By Dr Indu K Murthy.
With the climate crisis intensifying, natural disasters are becoming more frequent worldwide. This is partly due to climate change — much of it man-made — and partly due to the way we manage (or mismanage) our land and natural resources. It’s high time that we paused, pondered, and learnt from nature, which offers solutions to many of our emergent problems.
Back to roots
Nature-based solutions (NbS), which has gained global attention recently, is an umbrella term for a range of approaches — inspired and supported by nature — for tackling various socio-environmental challenges. The concept builds on the ecosystem approach, which aims to holistically manage land, water, and other natural resources in a way that promotes conservation, restoration, and sustainable use in an equitable manner. NbS are cost effective, have multiple benefits, and can be applied to diverse challenges including carbon emissions, food and water insecurity, and improving human health and well-being. For instance, a pro-nature management of ecosystems can help prevent the emergence of pathogens like COVID-19 as destruction of biodiversity, habitat and domestication of wild species increases the probability of dangerous pathogens jumping from wild animals to human beings.
NbS take a variety of forms, including green and blue infrastructure initiatives like forest and wetland restoration, climate-smart agriculture, agroforestry, and urban forestry. They can also be combined with ‘gray’ (built) solutions in hybrid initiatives. For example, hybrid measures have been adopted for restoring watersheds by reengineering waterways to prevent flooding, using bioremediation to improve water quality, and managing groundwater recharge to reduce flood risk.
Interestingly, such interventions have been prevalent since the 19th century, when massive reforestation programmes were implemented in many countries to meet the wood requirements of a growing population, or to address the flooding of downstream regions due to large-scale deforestation. Thus, NbS is a tried and tested approach that can be combined with modern technology for radical solutions: for instance, with early-warning systems to track river height during floods, or with climate-smart agriculture to increase people’s resilience.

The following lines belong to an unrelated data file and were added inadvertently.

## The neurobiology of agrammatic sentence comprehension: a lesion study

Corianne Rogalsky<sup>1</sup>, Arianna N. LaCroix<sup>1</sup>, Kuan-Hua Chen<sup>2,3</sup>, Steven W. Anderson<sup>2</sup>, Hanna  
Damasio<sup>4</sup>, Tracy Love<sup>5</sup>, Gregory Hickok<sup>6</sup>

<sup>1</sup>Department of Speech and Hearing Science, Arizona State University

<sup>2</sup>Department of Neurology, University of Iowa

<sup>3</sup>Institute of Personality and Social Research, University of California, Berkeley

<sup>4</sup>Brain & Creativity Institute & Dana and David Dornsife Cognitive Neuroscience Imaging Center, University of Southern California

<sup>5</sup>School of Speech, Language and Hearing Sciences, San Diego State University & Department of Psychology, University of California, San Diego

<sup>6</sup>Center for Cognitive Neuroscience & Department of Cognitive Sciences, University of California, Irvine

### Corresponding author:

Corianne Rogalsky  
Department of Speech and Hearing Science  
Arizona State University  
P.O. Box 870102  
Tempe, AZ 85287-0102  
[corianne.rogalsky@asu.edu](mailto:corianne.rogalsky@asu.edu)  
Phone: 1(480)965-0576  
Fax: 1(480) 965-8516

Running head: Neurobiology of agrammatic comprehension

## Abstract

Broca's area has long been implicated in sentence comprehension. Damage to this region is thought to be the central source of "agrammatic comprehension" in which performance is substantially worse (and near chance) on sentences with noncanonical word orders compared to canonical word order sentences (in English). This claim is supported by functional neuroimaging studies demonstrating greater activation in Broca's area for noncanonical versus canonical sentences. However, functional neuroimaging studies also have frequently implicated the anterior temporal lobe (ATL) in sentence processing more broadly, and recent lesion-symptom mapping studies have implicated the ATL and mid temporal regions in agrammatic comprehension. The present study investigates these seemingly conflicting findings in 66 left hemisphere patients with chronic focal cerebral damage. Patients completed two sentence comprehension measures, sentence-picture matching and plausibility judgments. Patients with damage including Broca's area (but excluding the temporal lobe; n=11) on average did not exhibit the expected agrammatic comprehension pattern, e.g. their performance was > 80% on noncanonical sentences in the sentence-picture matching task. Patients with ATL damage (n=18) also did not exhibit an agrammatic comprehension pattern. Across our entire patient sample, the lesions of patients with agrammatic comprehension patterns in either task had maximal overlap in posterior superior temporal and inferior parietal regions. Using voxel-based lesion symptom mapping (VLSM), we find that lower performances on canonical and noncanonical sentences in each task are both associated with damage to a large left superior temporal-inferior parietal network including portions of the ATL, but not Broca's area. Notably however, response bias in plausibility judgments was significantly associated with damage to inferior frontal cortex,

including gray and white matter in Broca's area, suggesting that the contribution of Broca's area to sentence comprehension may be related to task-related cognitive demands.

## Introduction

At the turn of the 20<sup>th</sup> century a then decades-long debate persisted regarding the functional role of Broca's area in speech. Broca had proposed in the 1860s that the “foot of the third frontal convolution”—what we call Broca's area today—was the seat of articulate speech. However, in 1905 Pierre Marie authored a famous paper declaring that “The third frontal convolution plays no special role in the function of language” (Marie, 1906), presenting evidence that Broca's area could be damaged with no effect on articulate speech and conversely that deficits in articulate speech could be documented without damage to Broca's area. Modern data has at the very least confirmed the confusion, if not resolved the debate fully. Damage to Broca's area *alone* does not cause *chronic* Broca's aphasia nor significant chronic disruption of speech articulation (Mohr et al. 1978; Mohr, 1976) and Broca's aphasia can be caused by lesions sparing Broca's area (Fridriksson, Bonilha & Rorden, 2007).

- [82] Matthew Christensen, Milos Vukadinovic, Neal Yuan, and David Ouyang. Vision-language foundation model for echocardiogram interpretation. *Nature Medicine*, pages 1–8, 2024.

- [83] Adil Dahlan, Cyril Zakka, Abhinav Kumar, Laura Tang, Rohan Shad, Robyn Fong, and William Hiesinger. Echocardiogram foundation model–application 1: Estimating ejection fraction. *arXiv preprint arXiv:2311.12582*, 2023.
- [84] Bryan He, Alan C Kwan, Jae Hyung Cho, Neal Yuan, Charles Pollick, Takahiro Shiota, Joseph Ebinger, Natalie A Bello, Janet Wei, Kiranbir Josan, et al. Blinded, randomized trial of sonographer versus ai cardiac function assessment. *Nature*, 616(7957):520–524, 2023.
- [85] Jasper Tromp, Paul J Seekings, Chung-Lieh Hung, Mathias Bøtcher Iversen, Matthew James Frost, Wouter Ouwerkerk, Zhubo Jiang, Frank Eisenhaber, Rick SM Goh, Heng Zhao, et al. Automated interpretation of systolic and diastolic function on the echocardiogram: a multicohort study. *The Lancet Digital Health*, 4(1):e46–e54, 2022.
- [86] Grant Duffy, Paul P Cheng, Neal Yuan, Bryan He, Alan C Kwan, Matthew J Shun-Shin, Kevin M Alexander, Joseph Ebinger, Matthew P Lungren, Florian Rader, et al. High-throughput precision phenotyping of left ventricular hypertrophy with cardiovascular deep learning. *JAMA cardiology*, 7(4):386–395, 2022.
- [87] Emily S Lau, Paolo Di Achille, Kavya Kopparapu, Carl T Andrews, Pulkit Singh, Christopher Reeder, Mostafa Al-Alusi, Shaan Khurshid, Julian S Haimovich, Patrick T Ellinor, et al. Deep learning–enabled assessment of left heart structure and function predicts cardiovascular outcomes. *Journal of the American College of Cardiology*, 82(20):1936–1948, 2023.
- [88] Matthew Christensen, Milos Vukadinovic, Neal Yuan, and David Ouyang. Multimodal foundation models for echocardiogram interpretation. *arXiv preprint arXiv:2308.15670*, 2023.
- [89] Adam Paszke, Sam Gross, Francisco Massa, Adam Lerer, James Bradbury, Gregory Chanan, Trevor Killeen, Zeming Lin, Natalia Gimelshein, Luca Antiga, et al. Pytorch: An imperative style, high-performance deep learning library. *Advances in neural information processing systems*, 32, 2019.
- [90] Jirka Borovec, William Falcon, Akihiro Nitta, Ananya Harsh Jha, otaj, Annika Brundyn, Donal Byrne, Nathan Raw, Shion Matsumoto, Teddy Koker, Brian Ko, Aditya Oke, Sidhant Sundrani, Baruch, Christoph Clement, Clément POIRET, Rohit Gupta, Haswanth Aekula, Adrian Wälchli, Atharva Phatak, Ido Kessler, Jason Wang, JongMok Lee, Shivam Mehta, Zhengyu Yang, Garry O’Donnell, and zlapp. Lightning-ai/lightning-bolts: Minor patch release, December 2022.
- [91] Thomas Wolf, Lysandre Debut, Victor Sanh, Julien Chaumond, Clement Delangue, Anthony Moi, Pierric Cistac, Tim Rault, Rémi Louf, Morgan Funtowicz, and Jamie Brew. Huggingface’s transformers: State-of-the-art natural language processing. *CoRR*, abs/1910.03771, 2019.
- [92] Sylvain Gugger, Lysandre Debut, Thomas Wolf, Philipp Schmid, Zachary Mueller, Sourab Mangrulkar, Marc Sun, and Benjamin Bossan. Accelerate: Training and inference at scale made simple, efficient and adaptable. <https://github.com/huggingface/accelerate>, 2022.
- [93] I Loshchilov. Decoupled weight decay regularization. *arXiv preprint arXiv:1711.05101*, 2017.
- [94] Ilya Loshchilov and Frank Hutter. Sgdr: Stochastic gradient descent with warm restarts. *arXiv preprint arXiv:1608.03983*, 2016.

The Paris Agreement addresses climate change mitigation and adaptation by establishing targets for reducing harmful emissions on the one hand, and enhancing human well-being on the other. Europe’s Green Deal is one such initiative that promotes green activities like recycling and sustainable infrastructure development; maintenance and advancement of renewable energy sources; and restoration of ecosystems like wetlands and forests. Indonesia’s National Medium-Term Development Plan for 2020–2024 and Colombia’s ecosystem-based disaster-risk-reduction roadmap are other instances.
Nature-based solutions are relevant for several Sustainable Development Goals (SDGs) related to climate and ecosystems issues. They also figure in initiatives, like the Sendai Framework, which discusses national disaster-risk-reduction strategies, and the United Nations Framework Convention on Climate Change’s REDD+ (Reducing Emissions from Deforestation and Forest Degradation). Prominent among other initiatives are the United Nations Convention to Combat Desertification, which includes elements on sustainable land management, and the call by the United Nations Decade of Ecosystem Restoration for restoring 350 million hectares of the world’s deforested and degraded land by 2030.
A win-win formula
The inclusion of NbS in national plans and policies can help countries align with and achieve their climate goals. However, they need to be supported through enabling ecosystems. This begins with ensuring that different focal points and departments within the government coordinate to harness synergies. Alternatively, NbS can be facilitated by introducing regulatory and financial instruments, like in Switzerland, where the federal government incentivises implementation of NbS, and enforces laws on flood protection, water resource management, etc. through forest services and biodiversity management.
According to the World Economic Forum’s New Nature Economy Report, a critical shift towards nature-positive approaches (such as NbS) in three key socio-economic systems — food, land, and ocean use; infrastructure and the built environment; and energy and extractives — could result in multiple co-benefits. These transitions could, by 2030, create nearly $3.6 trillion worth of annual business opportunities and 191 million jobs.
Integrating NbS into national policies, thus, goes much beyond helping governments advance the national SDG agenda and meeting international reporting requirements. It is an opportunity to create inclusive economies and societies, and, eventually, a resilient and prosperous world.
Dr Indu K Murthy is Principal Research Scientist in the Adaptation and Risk Analysis team in CSTEP.